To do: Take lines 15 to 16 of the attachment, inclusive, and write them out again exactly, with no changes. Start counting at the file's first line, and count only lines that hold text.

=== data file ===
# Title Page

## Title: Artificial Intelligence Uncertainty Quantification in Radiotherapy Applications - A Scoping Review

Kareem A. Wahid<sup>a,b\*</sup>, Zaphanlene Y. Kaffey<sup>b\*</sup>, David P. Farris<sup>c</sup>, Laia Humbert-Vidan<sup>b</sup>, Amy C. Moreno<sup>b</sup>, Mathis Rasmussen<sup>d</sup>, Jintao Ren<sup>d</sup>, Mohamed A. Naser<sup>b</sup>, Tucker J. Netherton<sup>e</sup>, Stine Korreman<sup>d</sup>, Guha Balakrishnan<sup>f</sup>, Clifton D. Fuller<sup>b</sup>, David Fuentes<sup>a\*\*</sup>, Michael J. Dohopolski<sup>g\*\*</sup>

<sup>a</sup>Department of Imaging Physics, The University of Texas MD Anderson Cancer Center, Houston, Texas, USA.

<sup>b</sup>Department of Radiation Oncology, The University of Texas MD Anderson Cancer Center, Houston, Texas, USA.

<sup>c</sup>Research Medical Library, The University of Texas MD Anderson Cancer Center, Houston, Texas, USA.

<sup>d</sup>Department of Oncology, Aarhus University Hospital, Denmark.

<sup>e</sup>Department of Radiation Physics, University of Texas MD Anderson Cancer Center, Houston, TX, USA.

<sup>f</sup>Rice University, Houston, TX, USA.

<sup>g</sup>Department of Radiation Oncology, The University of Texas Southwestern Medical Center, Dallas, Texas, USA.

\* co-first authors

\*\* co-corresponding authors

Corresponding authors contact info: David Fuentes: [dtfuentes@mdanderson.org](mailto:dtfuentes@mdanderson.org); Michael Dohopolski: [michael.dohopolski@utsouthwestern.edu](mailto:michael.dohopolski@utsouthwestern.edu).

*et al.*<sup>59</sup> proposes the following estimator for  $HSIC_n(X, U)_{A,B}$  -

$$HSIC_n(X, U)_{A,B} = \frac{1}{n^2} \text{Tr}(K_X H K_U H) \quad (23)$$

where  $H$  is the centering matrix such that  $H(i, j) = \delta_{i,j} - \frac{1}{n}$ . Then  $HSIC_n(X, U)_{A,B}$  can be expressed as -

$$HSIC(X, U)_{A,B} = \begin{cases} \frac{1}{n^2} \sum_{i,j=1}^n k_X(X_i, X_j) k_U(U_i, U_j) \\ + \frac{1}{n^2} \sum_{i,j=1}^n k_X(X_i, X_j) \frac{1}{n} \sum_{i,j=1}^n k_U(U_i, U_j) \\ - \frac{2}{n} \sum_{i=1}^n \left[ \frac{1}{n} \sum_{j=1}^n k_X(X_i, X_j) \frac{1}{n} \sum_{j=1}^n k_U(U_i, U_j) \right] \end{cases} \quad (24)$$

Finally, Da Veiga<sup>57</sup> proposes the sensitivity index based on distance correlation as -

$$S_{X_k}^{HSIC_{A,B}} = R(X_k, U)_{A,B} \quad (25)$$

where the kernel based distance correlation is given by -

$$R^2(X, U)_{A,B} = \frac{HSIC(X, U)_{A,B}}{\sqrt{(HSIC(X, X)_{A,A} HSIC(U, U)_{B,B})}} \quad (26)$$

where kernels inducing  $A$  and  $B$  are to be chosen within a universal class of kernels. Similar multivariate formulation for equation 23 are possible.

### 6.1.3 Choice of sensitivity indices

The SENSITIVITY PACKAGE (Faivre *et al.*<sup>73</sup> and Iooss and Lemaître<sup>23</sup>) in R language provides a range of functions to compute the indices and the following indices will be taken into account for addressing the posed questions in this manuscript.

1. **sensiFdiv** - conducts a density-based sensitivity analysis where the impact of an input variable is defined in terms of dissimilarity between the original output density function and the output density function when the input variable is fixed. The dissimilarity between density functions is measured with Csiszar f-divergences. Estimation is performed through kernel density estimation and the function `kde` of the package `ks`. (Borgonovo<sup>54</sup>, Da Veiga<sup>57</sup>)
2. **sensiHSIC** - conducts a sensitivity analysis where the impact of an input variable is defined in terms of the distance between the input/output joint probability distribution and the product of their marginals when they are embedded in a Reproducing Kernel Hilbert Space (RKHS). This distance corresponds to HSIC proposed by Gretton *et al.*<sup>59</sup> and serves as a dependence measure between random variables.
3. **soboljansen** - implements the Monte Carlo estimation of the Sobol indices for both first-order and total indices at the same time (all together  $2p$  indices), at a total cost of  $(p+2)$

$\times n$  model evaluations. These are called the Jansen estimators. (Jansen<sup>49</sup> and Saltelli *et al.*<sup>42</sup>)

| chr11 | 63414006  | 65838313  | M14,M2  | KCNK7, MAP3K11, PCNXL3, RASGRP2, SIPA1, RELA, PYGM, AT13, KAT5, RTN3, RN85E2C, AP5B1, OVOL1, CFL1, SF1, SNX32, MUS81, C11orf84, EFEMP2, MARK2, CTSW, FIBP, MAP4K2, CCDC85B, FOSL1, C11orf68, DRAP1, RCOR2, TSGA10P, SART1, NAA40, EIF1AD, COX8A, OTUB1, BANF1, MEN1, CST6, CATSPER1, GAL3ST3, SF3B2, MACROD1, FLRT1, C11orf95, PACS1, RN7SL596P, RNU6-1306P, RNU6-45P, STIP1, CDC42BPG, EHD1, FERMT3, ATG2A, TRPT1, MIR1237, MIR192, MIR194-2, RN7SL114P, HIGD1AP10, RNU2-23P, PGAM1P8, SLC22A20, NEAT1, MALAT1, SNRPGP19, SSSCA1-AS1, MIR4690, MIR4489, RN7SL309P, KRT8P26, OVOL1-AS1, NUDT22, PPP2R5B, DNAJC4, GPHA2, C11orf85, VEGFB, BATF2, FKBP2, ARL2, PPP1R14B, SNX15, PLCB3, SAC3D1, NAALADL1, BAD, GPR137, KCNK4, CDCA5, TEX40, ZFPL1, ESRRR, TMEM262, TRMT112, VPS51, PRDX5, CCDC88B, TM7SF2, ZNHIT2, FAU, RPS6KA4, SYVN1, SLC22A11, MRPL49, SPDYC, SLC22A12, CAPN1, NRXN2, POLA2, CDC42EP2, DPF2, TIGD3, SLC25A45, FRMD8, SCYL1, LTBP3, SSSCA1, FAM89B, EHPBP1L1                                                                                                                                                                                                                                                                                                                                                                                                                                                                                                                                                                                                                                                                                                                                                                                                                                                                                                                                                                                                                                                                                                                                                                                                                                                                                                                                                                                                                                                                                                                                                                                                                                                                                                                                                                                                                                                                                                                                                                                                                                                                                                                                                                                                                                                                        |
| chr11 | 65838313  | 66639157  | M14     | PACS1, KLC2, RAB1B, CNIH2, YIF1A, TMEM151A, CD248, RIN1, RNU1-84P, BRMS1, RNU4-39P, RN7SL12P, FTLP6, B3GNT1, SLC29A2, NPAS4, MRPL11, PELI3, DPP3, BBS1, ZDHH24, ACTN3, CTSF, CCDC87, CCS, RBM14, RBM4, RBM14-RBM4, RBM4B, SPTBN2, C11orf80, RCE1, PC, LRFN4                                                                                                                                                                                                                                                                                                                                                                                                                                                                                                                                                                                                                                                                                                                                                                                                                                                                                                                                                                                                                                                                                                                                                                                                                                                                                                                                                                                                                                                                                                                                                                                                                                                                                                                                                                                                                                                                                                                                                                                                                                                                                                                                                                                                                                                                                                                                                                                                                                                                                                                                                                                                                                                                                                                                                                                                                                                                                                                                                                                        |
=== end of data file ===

$$HSIC_n(X, U)_{A,B} = \frac{1}{n^2} \text{Tr}(K_X H K_U H) \quad (23)$$

where  $H$  is the centering matrix such that  $H(i, j) = \delta_{i,j} - \frac{1}{n}$ . Then  $HSIC_n(X, U)_{A,B}$  can be expressed as -